Under English law, ownership of property (this is any asset, rather than just ‘real’ property such as land or buildings) may be divided into two categories: legal and beneficial.
A trust, or settlement, gives to the trustees the legal ownership of property to hold that property for the enjoyment of the beneficiaries.
There are several types of trust, some of which are quite specialised or unusual. However, the three main types are:
1. Bare trust. This is the simplest type of trust, where a person or persons (the trustees) hold the assets specifically for the benefit of another person (or persons) who, for whatever reason, are unable to hold the asset in their own name.
An example of this might be where, in his Will, someone has left some shares and his house jointly to his grandson and granddaughter, and these grandchildren are, say, respectively 4 and 6 years old.
Legally they are unable to hold shares or property in their own name and unable to sign a contract for sale.
Accordingly the trustees (who will have been appointed in the Will) will have the shareholding and property transferred into their own names as trustees.
Although they are the legal owners, they cannot benefit from these assets themselves, as they are merely holding them “on trust” for the benefit of the grandchildren.
If no conditions have been attached in the Will, when the grandchildren have reached the age of 18 the assets can be transferred into their names.
If the trustees sell the assets before, the proceeds of sale will be held for the benefit of the grandchildren.
2. Interest in possession trust. In this type of trust, the assets are held for the benefit of a beneficiary for a defined period, often ‘for life’.
In such an example, the beneficiary who has a life interest will be entitled to all the income and interest arising in respect of the asset, without actually owning that asset.
Usually on their death, the asset will pass to another beneficiary (or class of beneficiaries) either again for life, or else absolutely – if the latter, then this second beneficiary (or class) will actually own the asset outright.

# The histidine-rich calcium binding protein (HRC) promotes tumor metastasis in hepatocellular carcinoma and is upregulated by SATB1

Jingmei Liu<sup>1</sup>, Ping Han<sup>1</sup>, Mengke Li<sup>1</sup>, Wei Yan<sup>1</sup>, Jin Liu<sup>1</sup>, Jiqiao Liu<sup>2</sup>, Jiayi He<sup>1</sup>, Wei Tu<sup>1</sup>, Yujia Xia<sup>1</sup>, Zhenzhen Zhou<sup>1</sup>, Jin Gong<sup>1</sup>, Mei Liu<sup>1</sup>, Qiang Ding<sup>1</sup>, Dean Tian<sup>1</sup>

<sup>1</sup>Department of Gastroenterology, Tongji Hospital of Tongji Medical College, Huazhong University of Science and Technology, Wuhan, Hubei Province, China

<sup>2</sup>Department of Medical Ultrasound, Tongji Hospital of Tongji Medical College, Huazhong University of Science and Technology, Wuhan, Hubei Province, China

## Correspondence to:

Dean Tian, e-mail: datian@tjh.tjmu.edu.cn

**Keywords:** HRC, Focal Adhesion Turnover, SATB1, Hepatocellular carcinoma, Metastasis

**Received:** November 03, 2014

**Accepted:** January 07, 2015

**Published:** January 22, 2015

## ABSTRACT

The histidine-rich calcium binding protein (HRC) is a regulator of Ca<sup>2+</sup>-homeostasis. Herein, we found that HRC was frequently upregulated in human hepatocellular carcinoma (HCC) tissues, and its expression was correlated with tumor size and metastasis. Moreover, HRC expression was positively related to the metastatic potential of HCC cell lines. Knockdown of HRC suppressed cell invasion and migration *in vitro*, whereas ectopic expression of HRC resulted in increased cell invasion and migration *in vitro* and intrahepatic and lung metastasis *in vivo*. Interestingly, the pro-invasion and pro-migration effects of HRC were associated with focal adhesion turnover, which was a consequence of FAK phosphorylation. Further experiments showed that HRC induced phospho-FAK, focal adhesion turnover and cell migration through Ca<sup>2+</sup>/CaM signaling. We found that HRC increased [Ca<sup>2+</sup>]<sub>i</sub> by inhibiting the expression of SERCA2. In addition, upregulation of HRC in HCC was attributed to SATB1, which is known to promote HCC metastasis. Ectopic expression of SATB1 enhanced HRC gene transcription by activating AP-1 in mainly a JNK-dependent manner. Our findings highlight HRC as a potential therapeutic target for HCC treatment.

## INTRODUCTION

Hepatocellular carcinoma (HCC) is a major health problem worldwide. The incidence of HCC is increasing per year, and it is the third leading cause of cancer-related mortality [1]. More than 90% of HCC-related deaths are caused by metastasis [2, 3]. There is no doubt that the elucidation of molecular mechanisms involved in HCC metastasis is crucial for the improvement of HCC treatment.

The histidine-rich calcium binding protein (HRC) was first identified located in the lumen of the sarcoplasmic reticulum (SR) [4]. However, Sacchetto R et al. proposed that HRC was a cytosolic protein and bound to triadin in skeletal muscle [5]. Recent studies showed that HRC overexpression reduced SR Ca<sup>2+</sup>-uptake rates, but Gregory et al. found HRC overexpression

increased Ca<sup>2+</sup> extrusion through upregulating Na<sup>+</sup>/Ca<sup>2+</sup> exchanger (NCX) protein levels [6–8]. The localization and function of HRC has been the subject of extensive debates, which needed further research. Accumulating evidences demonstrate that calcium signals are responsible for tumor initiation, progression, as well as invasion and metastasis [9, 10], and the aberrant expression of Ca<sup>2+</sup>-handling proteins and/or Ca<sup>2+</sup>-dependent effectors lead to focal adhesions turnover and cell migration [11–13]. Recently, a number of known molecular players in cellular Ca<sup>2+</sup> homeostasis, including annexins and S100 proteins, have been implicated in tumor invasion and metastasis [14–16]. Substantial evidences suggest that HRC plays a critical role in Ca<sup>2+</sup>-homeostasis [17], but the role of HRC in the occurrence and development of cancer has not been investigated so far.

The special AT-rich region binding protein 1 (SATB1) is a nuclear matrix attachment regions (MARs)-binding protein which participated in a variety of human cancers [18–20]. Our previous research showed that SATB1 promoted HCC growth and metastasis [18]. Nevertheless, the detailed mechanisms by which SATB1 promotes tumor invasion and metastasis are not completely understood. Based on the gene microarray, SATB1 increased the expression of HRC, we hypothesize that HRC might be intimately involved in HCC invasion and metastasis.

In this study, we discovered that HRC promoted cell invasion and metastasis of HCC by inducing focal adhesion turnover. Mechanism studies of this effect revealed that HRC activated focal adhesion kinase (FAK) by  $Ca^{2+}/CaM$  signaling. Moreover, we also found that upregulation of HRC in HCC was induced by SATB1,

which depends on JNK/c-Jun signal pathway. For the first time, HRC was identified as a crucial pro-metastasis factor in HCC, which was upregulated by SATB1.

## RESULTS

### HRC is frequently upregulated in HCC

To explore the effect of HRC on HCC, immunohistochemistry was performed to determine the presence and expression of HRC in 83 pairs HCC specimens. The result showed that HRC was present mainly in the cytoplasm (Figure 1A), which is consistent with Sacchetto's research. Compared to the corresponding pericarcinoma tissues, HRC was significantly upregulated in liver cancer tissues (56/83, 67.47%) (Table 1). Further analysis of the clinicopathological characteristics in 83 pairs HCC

These trusts are frequently used in Wills, often when the person making the Will (‘the testator’) is a widower who has remarried.
It is common in such a scenario for the testator to leave his home to his second wife for life and on her death it passes to his children from his first marriage.
The testator will have achieved security for his (second) wife, while ensuring that the home in due course passes to his children, since his wife does not actually own the property, which will be registered in the name of the trustees.
3. Discretionary trust. In these trusts, the trustees have a discretion as to who, from the class of beneficiaries named by the person who set up the trust (‘the settlor’), is to benefit from the assets in the trust and to what extent.
Discretionary trusts can be set up in a Will or during the lifetime of the deceased.
If it is the latter then the settlor can be one of the trustees.
For example the settlor may have surplus funds that he would like to transfer out of his estate so that these will not be liable to inheritance tax on his death.
However he may not want the assets to pass to his children or grandchildren immediately.
In addition, he may wish a child who pursues further education or takes a worthwhile but poor-paying job to benefit more than a child who is in a well-paid job, but at present he does not know what paths they will follow.
As long as neither he, nor his wife or civil partner, is a potential beneficiary under the trust, as soon as the funds leave his estate and are transferred into the trust, the ‘clock’ starts to run for inheritance tax. and, all being equal, will no longer be included at his death as long as he survives for seven years.
However, he may decide to retain some or all of the assets (or funds) in the trust for as long as he wishes and need not make payments to his children (or grandchildren) for many years, and can decide at that time how much each should have.
Even if he should die before transferring the assets, the trust will remain in place as long as it is needed.
If he had simply kept the assets and waited until his children reached the age where they continued studies or took jobs before making the decision, the ‘seven year clock’ would not start running until he transferred the assets.
It is possible for a trust to be a combination of say, an interest in possession trust and a discretionary trust.
For example, in a Will the testator may give a life interest in a portfolio of investments to his wife, and on her death to such of his children and grandchildren and in what shares, as his trustees decide.
Please contact us if you feel that a trust would be useful for your particular circumstances.